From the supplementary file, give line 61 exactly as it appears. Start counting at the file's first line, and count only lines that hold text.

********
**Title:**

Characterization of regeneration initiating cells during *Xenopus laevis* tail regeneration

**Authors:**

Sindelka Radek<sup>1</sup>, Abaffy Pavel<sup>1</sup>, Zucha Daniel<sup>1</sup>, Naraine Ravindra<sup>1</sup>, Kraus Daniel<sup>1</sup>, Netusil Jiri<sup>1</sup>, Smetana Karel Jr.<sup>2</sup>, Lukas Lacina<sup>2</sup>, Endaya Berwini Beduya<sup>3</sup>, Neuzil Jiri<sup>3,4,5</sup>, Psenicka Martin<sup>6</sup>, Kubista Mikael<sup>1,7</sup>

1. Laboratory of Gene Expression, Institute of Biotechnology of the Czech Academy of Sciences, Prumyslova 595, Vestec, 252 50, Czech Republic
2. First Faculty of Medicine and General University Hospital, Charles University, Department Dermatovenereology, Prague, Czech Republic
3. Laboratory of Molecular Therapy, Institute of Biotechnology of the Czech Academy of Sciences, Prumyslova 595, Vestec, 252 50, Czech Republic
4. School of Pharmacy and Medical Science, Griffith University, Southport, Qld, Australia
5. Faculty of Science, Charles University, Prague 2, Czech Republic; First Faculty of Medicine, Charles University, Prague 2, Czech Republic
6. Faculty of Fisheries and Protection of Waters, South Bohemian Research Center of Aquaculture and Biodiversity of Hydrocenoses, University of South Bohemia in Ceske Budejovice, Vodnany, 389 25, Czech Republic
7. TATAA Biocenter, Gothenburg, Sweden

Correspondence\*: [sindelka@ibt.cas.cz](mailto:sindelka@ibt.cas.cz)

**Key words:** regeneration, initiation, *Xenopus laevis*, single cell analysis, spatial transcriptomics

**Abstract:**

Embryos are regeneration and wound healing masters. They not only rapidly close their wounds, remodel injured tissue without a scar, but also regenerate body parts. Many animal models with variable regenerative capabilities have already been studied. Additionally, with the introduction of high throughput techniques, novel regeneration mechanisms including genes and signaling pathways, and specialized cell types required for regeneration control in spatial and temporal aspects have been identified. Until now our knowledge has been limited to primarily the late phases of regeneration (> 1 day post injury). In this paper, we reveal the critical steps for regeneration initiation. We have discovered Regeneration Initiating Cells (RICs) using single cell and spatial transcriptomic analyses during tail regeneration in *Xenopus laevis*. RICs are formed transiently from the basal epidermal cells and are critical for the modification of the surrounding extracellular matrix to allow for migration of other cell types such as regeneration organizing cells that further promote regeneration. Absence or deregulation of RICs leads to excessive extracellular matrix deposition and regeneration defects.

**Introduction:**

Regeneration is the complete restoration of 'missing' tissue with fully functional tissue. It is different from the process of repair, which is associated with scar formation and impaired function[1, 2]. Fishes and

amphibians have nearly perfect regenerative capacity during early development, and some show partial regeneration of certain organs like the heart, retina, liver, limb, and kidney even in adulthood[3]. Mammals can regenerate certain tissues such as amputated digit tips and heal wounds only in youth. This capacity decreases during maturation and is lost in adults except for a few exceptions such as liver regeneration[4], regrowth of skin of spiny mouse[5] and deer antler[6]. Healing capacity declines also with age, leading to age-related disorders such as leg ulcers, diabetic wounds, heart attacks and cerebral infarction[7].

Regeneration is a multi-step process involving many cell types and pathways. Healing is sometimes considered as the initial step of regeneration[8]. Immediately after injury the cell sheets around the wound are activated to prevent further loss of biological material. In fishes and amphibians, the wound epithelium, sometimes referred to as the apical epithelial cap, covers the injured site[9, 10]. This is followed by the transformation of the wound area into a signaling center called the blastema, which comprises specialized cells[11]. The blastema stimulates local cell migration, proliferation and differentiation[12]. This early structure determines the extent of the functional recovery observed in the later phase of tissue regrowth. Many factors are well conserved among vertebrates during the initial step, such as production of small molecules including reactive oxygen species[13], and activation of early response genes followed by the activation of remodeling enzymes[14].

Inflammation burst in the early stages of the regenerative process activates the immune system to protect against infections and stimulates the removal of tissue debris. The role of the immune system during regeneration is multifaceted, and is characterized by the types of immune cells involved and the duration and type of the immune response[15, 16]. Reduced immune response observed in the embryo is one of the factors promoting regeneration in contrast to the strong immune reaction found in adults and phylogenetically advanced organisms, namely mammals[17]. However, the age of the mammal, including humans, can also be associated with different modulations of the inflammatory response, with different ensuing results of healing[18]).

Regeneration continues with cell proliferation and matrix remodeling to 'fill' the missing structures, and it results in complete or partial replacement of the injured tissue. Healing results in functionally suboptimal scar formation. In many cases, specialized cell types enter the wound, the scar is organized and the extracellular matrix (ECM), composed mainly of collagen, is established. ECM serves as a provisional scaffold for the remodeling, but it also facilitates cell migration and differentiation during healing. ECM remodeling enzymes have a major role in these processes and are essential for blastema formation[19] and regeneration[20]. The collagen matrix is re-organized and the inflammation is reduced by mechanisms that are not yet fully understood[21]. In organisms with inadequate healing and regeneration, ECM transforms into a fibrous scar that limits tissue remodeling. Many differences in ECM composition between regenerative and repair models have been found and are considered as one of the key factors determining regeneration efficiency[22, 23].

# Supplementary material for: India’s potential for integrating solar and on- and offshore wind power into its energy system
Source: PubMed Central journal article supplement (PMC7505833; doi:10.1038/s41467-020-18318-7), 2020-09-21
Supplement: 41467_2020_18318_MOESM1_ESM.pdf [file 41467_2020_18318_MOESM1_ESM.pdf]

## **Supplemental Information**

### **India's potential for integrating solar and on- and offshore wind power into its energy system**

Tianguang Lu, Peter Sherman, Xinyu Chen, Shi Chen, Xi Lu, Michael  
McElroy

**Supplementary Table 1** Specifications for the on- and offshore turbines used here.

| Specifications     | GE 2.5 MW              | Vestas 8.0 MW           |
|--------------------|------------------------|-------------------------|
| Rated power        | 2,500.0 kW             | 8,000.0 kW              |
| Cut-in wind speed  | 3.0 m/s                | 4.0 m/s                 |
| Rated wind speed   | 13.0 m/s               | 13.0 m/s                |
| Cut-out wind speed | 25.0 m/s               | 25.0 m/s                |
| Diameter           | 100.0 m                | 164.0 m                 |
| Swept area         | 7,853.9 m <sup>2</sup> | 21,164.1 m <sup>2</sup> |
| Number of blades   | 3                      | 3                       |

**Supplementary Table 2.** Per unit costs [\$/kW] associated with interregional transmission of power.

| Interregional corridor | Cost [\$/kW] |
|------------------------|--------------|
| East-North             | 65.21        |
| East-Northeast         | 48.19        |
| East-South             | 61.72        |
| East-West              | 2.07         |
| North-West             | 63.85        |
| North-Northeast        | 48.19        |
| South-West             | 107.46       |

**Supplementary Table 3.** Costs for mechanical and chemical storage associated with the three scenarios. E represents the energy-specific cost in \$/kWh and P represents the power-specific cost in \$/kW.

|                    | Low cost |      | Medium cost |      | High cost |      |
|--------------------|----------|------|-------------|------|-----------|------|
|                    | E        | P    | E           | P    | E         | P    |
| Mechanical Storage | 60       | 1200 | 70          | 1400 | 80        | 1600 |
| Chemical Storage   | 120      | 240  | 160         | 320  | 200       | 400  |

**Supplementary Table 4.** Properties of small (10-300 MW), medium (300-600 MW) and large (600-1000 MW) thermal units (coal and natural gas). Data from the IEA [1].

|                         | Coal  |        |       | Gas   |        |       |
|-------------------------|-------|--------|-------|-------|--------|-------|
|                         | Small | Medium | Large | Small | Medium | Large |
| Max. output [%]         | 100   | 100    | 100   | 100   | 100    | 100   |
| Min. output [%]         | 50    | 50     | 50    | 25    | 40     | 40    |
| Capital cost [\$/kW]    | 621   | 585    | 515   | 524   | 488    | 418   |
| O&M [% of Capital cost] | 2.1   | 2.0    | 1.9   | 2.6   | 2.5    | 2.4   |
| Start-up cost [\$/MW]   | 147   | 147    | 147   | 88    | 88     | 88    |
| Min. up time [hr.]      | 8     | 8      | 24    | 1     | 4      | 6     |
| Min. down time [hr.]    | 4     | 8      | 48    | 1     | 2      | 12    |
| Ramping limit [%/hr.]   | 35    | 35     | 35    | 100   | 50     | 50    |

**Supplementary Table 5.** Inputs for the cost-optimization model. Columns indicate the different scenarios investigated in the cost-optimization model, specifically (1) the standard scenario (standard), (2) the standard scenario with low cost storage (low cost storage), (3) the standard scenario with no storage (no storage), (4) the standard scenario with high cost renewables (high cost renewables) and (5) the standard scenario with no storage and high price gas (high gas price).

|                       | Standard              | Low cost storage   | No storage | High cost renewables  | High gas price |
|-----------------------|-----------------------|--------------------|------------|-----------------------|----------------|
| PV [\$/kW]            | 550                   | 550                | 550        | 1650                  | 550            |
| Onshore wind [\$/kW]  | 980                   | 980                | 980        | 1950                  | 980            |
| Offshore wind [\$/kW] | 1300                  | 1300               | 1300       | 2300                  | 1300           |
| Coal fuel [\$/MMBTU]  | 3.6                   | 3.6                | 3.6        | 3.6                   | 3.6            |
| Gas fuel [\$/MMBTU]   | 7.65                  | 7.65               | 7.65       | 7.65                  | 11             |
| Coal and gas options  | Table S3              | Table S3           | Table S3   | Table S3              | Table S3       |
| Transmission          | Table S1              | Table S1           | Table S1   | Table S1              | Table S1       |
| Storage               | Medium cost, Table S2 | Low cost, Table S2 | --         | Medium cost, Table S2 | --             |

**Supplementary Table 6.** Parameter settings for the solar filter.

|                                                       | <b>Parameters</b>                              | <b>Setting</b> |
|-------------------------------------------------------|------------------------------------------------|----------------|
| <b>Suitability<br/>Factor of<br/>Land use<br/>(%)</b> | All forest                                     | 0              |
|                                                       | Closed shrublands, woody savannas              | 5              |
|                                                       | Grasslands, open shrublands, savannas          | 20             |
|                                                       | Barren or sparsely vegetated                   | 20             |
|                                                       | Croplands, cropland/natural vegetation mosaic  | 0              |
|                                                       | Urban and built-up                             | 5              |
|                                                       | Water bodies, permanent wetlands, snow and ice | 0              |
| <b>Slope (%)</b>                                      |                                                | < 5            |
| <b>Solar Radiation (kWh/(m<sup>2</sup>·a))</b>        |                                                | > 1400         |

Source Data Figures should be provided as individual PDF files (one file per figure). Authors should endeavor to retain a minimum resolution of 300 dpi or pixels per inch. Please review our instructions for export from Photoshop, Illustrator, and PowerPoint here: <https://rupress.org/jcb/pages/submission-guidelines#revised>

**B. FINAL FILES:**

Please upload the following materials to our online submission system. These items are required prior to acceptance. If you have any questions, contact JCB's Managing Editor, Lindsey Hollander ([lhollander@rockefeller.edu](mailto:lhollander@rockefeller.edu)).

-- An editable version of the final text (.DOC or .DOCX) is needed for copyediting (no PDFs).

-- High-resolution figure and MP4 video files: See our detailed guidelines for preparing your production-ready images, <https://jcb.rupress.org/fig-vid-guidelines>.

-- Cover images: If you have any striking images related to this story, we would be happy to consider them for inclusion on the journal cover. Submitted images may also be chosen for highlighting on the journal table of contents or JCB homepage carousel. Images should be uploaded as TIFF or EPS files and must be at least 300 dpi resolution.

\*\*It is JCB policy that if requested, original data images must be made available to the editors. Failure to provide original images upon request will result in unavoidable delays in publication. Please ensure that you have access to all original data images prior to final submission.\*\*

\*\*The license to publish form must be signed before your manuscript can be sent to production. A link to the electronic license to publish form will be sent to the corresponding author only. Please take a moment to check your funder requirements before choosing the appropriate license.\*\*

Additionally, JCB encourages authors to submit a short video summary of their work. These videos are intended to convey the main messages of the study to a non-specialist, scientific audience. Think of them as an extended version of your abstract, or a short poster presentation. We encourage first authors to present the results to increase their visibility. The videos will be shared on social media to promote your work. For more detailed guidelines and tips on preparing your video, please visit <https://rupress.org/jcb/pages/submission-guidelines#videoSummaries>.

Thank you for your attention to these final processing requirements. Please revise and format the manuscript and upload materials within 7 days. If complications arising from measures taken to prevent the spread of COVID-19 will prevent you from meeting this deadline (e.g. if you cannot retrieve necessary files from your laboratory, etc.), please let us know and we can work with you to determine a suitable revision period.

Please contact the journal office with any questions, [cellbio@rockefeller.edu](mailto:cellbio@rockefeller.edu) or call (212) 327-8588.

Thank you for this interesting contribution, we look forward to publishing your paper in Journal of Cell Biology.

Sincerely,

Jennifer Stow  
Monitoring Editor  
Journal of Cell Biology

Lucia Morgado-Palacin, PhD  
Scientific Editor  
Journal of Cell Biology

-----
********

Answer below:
| Capital cost [\$/kW]    | 621   | 585    | 515   | 524   | 488    | 418   |